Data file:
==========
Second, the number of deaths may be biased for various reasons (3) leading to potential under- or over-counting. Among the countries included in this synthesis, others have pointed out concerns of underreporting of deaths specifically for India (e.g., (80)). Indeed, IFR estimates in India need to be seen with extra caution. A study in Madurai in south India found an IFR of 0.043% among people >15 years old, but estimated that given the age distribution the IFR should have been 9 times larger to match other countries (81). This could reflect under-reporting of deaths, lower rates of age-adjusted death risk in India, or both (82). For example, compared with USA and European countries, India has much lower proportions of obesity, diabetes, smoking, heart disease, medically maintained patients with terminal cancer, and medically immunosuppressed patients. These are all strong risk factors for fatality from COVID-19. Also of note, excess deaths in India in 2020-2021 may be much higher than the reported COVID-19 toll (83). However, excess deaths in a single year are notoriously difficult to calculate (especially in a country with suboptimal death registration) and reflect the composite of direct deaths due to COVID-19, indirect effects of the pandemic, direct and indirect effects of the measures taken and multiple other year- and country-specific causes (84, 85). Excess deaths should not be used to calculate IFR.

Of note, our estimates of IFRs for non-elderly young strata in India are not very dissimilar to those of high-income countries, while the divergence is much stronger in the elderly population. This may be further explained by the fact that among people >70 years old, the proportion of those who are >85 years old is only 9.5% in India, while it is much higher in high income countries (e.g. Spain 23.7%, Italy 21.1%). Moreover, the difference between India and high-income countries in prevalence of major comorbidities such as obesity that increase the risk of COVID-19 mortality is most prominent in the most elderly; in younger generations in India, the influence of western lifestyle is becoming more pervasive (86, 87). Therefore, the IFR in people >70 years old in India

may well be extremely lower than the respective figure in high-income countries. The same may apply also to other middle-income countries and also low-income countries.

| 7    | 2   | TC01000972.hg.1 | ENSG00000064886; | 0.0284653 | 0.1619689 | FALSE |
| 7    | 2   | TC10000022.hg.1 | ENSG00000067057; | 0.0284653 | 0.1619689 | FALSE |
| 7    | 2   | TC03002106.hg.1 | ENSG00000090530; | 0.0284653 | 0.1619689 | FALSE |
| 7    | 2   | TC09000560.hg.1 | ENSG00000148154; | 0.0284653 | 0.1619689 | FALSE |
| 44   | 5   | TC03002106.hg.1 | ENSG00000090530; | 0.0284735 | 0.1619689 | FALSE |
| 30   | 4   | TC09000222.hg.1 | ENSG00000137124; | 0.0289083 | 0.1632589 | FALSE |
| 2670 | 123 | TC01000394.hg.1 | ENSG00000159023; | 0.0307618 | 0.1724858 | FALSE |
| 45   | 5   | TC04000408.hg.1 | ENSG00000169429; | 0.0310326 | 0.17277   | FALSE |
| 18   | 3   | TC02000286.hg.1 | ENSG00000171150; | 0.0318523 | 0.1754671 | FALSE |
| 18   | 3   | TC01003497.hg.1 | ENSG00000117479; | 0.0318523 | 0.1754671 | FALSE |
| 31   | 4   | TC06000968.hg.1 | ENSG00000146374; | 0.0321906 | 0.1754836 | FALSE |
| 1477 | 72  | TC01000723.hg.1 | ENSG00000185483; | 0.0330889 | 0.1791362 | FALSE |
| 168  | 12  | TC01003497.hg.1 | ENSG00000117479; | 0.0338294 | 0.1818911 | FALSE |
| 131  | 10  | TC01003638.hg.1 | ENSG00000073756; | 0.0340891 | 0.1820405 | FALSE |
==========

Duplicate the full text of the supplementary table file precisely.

Second, the number of deaths may be biased for various reasons (3) leading to potential under- or over-counting. Among the countries included in this synthesis, others have pointed out concerns of underreporting of deaths specifically for India (e.g., (80)). Indeed, IFR estimates in India need to be seen with extra caution. A study in Madurai in south India found an IFR of 0.043% among people >15 years old, but estimated that given the age distribution the IFR should have been 9 times larger to match other countries (81). This could reflect under-reporting of deaths, lower rates of age-adjusted death risk in India, or both (82). For example, compared with USA and European countries, India has much lower proportions of obesity, diabetes, smoking, heart disease, medically maintained patients with terminal cancer, and medically immunosuppressed patients. These are all strong risk factors for fatality from COVID-19. Also of note, excess deaths in India in 2020-2021 may be much higher than the reported COVID-19 toll (83). However, excess deaths in a single year are notoriously difficult to calculate (especially in a country with suboptimal death registration) and reflect the composite of direct deaths due to COVID-19, indirect effects of the pandemic, direct and indirect effects of the measures taken and multiple other year- and country-specific causes (84, 85). Excess deaths should not be used to calculate IFR.

Of note, our estimates of IFRs for non-elderly young strata in India are not very dissimilar to those of high-income countries, while the divergence is much stronger in the elderly population. This may be further explained by the fact that among people >70 years old, the proportion of those who are >85 years old is only 9.5% in India, while it is much higher in high income countries (e.g. Spain 23.7%, Italy 21.1%). Moreover, the difference between India and high-income countries in prevalence of major comorbidities such as obesity that increase the risk of COVID-19 mortality is most prominent in the most elderly; in younger generations in India, the influence of western lifestyle is becoming more pervasive (86, 87). Therefore, the IFR in people >70 years old in India

may well be extremely lower than the respective figure in high-income countries. The same may apply also to other middle-income countries and also low-income countries.

| 7    | 2   | TC01000972.hg.1 | ENSG00000064886; | 0.0284653 | 0.1619689 | FALSE |
| 7    | 2   | TC10000022.hg.1 | ENSG00000067057; | 0.0284653 | 0.1619689 | FALSE |
| 7    | 2   | TC03002106.hg.1 | ENSG00000090530; | 0.0284653 | 0.1619689 | FALSE |
| 7    | 2   | TC09000560.hg.1 | ENSG00000148154; | 0.0284653 | 0.1619689 | FALSE |
| 44   | 5   | TC03002106.hg.1 | ENSG00000090530; | 0.0284735 | 0.1619689 | FALSE |
| 30   | 4   | TC09000222.hg.1 | ENSG00000137124; | 0.0289083 | 0.1632589 | FALSE |
| 2670 | 123 | TC01000394.hg.1 | ENSG00000159023; | 0.0307618 | 0.1724858 | FALSE |
| 45   | 5   | TC04000408.hg.1 | ENSG00000169429; | 0.0310326 | 0.17277   | FALSE |
| 18   | 3   | TC02000286.hg.1 | ENSG00000171150; | 0.0318523 | 0.1754671 | FALSE |
| 18   | 3   | TC01003497.hg.1 | ENSG00000117479; | 0.0318523 | 0.1754671 | FALSE |
| 31   | 4   | TC06000968.hg.1 | ENSG00000146374; | 0.0321906 | 0.1754836 | FALSE |
| 1477 | 72  | TC01000723.hg.1 | ENSG00000185483; | 0.0330889 | 0.1791362 | FALSE |
| 168  | 12  | TC01003497.hg.1 | ENSG00000117479; | 0.0338294 | 0.1818911 | FALSE |
| 131  | 10  | TC01003638.hg.1 | ENSG00000073756; | 0.0340891 | 0.1820405 | FALSE |